Finally, make sure that ballroom gets fixed right! It could be a lovely old and very grand function room for all sorts of events.
Not sure whether air space development is on the agenda, but if so, it should preserve the possibility of extending the Elizabeth St tram line over the tracks to Sturt St South Melbourne. This would relieve pressure on St Kilda Rd trams.
In a lot of ways this is 20 years too late. I’d have liked to see the railway lines lowered into tunnels (though it is problematic, because of the Yarra), the whole northern side of the river redeveloped, and the met trains at Southern Cross put closer to the street and under the country lines, instead of at the back. A solution that would open up a lot of land, though whether it would be enough to covers costs? Instead the whole area has been piece-meal: Fed Square, the first Flinders St. concourse redevelopment, Sandridge railbridge, the aquarium, old fish market site and Spencer St were all constrained by the (unsightly and largely wasteful) tracks.
The best thing they could do for Princes Bridge is to redirect traffic onto Linlithgow Avenue and over a bridge into Exhibition Street, extending the pedestrianised area of Swanston Street back to the art gallery. Difficult to make an economic case for that though, as nice as it would be.
Really all they need to do is make the inside half as nice as the outside, and they will have made an icon!
Plus maybe get rid of the pokies venue…
If you want some examples of how bizarre design competition entries can get, there is currently an exhibition of them at the Old Treasure Building in Melbourne. (The giant crocodile is amazing!)
Keep the building envelope, but make the site functional by internal modifications to address a mixture of needs in that corner of the City.
Alan, thanks again for your constant output of high quality analysis and comment. I’m always impressed.
This topic is one I know a fair amount about, having recently completed background work towards a development strategy for the station for the Department of Transport. I agree with your take on the shortcomings of design competitions; however in this case, I think the competition may achieve the necessary public groundswell for action that then leads to the political will to fund the work needed.
You are right that the site is a complex one. At 5.6 hectares in all it has enormous development potential. The Administration Building, the one along Flinders Street, can be treated as largely a separate design exercise because most of it is not used for functions essential to the running of the station. Much of the site could be built over without unduly compromising rail operations. I’d like to see daylight and views maintained into the platforms themselves, but decent weather protection to the passengers waiting on the platfroms would be a great improvement over current conditions. Totally covered platforms were part of the original design.
The station as is will not cope at all well with the likely increased demand over the coming decades. Change is required to provide the level of service we can experience at Southern Cross Station but cannot currently provide at Flinders even with current user numbers.
One aspect I’d love to see treated appropriately is the St Kilda Road facade, which currently looks like a shed. A facade befitting a major rail station and that creates a street wall to Federation Square would be a great improvement.
I’m looking forward to the competition – if it provides a very good brief!
Hi Nathan !
Im sure the brief will explain all the necessary bits and pieces, until then – Yes I think actually re-building the concourse as a grander space visible from Swanston St be a great idea, like the original design – or not. A competition would work here if it were mainly about a grander concourse and an even grander roof over the platforms – though why not just engage Santiago Calatrava ?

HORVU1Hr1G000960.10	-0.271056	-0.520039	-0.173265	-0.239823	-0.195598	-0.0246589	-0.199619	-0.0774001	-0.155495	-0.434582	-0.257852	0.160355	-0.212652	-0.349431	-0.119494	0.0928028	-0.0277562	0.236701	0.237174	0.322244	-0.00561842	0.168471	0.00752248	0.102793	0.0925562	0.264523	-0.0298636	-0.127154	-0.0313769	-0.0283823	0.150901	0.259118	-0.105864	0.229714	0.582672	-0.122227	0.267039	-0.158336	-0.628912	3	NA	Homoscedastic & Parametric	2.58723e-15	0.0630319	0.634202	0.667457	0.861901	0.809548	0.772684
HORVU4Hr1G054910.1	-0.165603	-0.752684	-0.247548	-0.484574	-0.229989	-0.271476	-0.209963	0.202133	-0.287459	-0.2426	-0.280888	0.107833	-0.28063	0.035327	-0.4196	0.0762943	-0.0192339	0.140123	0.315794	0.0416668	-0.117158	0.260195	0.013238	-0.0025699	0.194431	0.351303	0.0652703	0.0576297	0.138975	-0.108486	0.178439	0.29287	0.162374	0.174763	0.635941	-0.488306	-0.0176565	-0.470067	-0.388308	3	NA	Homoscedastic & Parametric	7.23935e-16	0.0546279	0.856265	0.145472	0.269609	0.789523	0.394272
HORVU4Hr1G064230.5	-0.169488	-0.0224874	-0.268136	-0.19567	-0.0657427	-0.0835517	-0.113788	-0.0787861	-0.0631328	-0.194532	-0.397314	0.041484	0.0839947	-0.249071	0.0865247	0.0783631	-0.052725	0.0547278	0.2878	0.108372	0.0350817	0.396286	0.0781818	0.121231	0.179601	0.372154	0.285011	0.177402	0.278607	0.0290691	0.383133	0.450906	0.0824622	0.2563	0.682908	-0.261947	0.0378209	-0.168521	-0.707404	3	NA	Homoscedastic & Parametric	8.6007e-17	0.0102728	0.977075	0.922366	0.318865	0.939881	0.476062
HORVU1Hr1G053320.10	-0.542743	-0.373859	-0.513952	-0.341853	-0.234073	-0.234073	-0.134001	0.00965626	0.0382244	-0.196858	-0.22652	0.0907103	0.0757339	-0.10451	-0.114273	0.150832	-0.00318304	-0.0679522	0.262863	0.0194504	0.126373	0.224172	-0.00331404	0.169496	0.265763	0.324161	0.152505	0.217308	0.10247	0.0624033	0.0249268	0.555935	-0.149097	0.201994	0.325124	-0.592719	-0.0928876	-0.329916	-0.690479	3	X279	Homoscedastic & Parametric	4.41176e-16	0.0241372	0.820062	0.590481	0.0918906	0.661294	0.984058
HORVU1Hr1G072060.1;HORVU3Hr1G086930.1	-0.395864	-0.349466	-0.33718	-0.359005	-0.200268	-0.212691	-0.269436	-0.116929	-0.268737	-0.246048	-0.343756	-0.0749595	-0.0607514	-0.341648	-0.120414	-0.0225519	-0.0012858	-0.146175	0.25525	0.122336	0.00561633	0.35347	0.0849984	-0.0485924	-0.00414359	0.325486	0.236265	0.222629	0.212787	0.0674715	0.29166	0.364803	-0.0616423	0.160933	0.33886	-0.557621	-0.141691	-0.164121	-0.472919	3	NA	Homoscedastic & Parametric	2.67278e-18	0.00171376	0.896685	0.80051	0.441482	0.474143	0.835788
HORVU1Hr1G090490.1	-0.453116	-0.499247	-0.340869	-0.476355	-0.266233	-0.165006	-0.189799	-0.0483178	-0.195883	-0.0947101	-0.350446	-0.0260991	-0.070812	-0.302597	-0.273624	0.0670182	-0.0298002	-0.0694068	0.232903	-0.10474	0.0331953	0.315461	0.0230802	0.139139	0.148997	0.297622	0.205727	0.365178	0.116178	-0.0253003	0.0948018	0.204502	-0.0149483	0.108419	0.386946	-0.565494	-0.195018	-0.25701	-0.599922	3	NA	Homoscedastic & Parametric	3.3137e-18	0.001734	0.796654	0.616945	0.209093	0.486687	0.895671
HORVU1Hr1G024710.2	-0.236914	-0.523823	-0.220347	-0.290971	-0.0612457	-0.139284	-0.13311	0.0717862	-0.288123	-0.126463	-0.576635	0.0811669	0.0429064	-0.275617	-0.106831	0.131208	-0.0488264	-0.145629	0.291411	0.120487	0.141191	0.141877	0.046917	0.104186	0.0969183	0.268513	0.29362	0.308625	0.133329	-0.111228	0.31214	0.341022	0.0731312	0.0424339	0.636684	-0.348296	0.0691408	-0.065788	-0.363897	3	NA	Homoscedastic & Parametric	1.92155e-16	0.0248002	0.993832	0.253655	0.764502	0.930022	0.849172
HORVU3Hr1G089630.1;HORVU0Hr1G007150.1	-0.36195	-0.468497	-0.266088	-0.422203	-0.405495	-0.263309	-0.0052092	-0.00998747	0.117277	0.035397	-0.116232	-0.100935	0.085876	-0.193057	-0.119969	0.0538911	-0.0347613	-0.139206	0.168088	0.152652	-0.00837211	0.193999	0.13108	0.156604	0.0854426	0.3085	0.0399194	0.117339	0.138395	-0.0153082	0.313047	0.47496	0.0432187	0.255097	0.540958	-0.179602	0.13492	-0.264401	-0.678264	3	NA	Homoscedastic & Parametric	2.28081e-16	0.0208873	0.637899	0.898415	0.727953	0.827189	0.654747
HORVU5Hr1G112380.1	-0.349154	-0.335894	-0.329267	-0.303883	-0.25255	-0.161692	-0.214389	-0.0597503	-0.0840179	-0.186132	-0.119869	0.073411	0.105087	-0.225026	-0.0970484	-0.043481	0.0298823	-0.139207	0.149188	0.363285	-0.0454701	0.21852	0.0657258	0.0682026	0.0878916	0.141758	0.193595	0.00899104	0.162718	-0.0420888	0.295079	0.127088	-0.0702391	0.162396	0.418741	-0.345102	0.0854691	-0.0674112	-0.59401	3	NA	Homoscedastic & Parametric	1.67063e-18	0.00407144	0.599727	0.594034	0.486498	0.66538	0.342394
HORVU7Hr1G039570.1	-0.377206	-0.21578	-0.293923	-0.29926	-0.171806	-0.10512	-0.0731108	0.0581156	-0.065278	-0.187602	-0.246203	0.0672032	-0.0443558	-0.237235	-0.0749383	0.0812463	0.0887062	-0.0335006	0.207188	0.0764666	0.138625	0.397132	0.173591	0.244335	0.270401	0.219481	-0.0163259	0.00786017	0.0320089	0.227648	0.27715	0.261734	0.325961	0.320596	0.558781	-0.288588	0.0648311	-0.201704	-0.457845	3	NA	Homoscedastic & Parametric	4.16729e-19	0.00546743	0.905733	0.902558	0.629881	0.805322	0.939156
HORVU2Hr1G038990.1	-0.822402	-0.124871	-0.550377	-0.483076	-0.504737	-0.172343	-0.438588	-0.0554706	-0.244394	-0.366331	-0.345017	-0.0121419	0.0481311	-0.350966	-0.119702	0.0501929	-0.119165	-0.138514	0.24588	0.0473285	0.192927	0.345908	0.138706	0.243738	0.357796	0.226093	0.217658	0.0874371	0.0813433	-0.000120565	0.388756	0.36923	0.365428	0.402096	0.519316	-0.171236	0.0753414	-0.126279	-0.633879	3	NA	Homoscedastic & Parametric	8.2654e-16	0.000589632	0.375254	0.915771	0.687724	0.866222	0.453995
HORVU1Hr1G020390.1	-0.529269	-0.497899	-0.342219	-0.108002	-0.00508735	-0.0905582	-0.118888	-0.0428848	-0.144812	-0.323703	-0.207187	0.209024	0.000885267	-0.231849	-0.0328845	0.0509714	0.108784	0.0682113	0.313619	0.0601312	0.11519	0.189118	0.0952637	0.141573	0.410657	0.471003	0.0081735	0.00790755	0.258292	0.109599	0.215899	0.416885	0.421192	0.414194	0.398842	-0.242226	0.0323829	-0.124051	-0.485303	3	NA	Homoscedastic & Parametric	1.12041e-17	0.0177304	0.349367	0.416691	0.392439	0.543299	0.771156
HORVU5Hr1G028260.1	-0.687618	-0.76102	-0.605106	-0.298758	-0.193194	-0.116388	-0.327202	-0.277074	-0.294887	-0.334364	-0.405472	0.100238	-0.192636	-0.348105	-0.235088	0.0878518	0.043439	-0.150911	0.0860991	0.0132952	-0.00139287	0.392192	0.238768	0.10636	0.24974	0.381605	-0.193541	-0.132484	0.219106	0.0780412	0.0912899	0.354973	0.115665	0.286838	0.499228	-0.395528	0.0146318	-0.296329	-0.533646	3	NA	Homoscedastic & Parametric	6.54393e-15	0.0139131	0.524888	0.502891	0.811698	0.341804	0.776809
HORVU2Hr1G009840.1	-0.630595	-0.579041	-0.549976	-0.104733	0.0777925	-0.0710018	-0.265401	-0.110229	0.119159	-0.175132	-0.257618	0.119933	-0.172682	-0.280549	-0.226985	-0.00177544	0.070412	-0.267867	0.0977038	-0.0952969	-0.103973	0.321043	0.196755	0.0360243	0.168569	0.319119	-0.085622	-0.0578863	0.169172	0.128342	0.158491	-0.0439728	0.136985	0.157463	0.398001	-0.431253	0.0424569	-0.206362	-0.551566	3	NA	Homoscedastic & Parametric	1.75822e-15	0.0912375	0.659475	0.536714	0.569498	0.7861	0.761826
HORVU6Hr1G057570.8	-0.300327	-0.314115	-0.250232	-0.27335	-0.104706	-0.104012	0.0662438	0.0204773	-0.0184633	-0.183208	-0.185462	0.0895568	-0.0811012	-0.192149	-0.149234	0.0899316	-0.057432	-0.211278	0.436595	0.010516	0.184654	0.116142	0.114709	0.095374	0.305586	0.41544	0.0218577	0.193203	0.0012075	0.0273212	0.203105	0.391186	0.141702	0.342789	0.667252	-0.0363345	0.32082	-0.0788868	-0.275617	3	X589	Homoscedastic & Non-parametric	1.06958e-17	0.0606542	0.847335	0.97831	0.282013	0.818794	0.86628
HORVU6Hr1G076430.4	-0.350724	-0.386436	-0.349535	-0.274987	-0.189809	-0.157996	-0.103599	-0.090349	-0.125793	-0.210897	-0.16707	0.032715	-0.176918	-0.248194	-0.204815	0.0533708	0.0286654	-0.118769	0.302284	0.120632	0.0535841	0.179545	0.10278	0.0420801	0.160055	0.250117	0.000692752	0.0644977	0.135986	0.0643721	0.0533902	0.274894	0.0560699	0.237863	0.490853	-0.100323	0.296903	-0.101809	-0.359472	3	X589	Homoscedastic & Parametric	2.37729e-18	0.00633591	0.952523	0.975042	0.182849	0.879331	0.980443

The Age has published an editorial on the Flinders Street Station design competition, What time does the next plan leave? (hmmm….must’ve had their work experience punner on sub editing duties that day).
I think its a great chance to put in some resedential and comercial development. Id like to see 20k people living above flinders street station. Why? i think we need to have people within the city to make better use of the public transport out of the city as the public transport follows back out of the city.
pardon the spelling. residential
If there was an airport rail link to Flinders St Station, the station could even be redesigned to provide a streamless in town check in service for flights, as occurs at Hong Kong station.
Even though it could be argued that Southern Cross station would be a better candidate for an in town check in service, as it would connect to V-line services, the space at Flinders St station would be better suited for this purpose, as the area could then be isolated if required, and also include some commercial development.
I think the idea that travellers “enter” the airport at remote locations is the way forward (see here). At present Melbourne airport is congested with ‘greeters and wavers’ – they account for 35% of all airport ground traffic (all by car).
Given that Flinders St is the focal point for the suburban train network based on the spoke and hub model, it would make sense to make this a focal point for an integrated transport hub. This works best for people living either in the western, south-eastern or eastern suburbs of Melbourne, but fails miserably for those living in the northern suburbs. A difference solution will be need for those who live and work locally near the airport.
If the airport rail link ever does happen and runs to the CBD, I just hope that any further Flinders St station redevelopment at least has this in mind, otherwise it may be a lost opportunity.
Id also like to add that the retirement homes are usually far away from public transport. I think they should build a gigantic retirement village above flinder st station. Again with something like 20 000 people there. Half retirement and half whatever.
[…] previously questioned the sense of running this project as a design competition, but there are a couple of other aspects […]